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The Oxford History of the Biblical World An in-depth chaptered work by leading scholars providing a chronological overview of the history of biblical times.

Epilogue

Transitions and Trajectories

Jews and Christians in the Roman Empire

Barbara Geller

Amid great upheaval in Palestine, the first century witnessed the emergence of Christianity and rabbinic Judaism. Both were survivors of what was, before the Roman-Jewish War of 66–73/74 CE, a more diverse Judaism. Shared characteristics contributed to their survival. First and foremost, neither the Pharisaic-rabbinic nor the Christian communities fought as organized groups against the Romans. Second, neither required for its survival the Jerusalem Temple, which the Roman army destroyed in 70, although both continued to maintain an attachment to the city. Moreover, both were portable and as such were not location-dependent. Each offered its adherents the identity of “Israel” and an understanding of Torah that enabled it to adapt readily to changing times, and each developed its own authoritative scriptural canon. Finally, both rabbinic Judaism and Christianity offered believers a retributive afterlife and the possibility of right relationship with God and eternal salvation, and they encouraged their devotees to develop mechanisms to care for the needy and the oppressed.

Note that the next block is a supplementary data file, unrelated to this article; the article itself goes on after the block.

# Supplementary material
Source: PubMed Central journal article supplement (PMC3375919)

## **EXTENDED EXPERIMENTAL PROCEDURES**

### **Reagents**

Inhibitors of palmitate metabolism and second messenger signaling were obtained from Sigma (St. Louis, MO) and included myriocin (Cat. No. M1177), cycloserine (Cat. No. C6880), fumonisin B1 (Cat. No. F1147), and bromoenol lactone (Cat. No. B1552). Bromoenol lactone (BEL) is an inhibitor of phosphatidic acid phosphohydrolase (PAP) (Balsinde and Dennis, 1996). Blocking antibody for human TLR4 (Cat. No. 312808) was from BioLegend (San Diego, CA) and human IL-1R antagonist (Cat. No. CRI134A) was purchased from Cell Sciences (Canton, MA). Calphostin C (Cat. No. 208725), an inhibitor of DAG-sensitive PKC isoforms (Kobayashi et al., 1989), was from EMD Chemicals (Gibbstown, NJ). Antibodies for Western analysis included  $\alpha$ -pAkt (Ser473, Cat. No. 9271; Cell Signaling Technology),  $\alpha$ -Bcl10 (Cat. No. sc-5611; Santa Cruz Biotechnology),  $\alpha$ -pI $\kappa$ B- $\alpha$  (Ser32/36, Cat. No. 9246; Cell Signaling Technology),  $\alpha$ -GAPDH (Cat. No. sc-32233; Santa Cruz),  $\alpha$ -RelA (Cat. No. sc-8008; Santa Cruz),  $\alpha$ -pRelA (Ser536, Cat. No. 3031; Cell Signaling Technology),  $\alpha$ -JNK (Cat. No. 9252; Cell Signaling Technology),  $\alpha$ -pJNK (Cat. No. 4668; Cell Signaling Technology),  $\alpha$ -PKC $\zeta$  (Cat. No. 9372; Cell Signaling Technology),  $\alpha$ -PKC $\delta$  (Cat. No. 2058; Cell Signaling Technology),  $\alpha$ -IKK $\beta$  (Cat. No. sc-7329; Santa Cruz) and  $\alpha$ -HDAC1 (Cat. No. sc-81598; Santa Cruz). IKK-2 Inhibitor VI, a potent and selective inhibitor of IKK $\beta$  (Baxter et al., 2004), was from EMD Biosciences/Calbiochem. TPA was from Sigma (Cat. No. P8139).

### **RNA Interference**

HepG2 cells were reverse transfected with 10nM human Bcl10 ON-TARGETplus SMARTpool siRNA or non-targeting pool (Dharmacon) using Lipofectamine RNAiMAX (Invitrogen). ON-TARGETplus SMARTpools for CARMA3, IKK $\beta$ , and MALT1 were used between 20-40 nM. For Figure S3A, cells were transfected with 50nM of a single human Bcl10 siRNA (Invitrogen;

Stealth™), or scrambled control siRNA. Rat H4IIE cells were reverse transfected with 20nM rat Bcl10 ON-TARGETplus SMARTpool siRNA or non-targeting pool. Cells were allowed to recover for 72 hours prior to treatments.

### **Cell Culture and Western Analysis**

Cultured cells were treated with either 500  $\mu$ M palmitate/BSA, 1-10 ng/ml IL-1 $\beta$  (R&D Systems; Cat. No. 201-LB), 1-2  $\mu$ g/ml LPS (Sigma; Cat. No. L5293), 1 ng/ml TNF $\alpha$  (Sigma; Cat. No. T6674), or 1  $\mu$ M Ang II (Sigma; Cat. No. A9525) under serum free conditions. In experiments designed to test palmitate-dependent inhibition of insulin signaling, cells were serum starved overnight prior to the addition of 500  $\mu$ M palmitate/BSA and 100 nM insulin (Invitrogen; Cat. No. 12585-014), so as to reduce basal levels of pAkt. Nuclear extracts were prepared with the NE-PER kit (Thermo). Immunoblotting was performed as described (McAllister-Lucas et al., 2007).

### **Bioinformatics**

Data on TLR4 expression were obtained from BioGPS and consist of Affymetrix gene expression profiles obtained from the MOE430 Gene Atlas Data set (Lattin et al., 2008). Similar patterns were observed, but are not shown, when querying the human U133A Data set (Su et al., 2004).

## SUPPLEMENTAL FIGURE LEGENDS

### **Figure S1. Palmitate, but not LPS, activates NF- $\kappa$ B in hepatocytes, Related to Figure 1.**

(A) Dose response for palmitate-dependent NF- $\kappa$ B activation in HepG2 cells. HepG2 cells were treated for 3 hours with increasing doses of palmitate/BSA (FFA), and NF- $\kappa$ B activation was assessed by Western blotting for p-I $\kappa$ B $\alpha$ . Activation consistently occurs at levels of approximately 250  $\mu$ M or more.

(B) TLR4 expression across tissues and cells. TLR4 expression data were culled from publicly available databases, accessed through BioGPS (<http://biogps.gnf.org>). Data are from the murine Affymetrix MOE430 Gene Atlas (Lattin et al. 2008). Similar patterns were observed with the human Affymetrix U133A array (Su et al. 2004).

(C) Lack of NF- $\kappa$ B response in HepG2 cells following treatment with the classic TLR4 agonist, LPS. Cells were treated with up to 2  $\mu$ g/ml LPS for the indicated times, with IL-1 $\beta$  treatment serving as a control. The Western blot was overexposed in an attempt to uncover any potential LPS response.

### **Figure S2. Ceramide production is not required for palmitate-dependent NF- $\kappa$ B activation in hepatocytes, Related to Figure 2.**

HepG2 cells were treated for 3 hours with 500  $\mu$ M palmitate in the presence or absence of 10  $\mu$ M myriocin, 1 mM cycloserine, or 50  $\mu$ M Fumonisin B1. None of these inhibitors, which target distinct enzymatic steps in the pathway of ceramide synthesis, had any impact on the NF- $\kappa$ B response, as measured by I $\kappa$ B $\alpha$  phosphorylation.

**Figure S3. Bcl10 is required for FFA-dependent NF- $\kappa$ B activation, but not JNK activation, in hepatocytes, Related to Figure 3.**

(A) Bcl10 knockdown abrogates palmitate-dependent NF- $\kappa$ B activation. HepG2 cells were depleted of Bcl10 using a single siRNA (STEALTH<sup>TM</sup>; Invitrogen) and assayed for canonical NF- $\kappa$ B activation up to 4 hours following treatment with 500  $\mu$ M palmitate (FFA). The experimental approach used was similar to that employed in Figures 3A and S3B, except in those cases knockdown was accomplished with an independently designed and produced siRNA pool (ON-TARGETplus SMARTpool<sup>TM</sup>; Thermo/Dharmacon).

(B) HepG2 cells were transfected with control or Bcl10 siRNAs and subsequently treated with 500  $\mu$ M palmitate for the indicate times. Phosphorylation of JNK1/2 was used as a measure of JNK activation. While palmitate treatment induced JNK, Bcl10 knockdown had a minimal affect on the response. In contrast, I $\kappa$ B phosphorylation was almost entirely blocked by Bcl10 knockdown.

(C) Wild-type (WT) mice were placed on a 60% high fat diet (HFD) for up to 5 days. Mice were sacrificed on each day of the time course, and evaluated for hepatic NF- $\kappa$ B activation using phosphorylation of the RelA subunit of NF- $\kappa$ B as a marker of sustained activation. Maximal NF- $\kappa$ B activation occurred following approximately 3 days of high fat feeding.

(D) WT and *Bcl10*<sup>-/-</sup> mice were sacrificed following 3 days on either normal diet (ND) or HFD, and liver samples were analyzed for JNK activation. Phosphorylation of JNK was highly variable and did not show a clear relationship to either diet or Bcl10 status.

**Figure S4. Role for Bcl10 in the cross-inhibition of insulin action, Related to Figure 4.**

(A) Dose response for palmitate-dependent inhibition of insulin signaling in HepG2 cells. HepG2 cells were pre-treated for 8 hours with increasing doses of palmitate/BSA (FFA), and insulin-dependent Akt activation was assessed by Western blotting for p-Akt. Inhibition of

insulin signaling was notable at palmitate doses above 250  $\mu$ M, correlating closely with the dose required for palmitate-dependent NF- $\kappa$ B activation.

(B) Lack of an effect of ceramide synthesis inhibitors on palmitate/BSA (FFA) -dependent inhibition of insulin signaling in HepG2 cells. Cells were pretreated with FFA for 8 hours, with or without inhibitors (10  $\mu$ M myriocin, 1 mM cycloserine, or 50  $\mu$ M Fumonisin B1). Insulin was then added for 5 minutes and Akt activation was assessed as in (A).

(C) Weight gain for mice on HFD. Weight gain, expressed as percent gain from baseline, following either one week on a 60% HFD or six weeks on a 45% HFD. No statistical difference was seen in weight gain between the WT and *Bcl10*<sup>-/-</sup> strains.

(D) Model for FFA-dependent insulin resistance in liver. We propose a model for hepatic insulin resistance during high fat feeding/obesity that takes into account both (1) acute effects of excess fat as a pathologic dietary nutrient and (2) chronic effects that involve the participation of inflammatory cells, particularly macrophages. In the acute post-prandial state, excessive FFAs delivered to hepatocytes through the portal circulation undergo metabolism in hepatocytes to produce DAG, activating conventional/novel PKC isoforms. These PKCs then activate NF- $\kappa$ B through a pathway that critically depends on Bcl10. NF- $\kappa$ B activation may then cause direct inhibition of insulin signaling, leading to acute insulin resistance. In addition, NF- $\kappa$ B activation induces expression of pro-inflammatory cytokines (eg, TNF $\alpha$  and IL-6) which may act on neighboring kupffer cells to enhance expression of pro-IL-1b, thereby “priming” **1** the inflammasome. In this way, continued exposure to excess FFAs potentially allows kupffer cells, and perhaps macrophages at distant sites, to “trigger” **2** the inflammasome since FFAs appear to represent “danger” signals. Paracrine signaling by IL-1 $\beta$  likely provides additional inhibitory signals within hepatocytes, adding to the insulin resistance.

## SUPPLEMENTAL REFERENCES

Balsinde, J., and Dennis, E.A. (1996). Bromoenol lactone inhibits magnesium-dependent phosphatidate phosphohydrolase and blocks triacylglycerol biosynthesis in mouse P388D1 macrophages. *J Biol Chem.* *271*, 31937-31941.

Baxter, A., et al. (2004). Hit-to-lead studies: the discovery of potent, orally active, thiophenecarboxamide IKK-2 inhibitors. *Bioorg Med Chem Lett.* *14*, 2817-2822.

The Gospel of Matthew, a late first-century Jewish-Christian document, likens the scribes and Pharisees (the antecedents of the rabbis) to hypocrites, paradoxically acknowledging the similarities between the Matthean and the Pharisaic-rabbinic communities. In terms of doctrine, the differences between the Pharisee-rabbis and the Matthean community may have been modest, especially from the Roman perspective. Nor was it clear at the time that a belief in Jesus as the risen Messiah would evolve as a permanent boundary marker between Judaism and Christianity. By the close of the century, however, the process of separation was well under way. This may be the context for the Gospel of John's use of the term the Jews as a multipurpose designation for the opponents of Jesus. The language of John 8.44 is especially forceful: in response to the Jews' assertion that they have one father, God, Jesus says, “You are from your father the devil, and you choose to do your father's desires.” Such language probably reflects the pain and anger of the Jewish-Christian Johannine community, a tiny group within a small minority community, as it became separated—divorced in a sense—from the larger Jewish community, and as it sought to develop its own identity outside this “other” Judaism in the often hostile environment of the Roman Empire.

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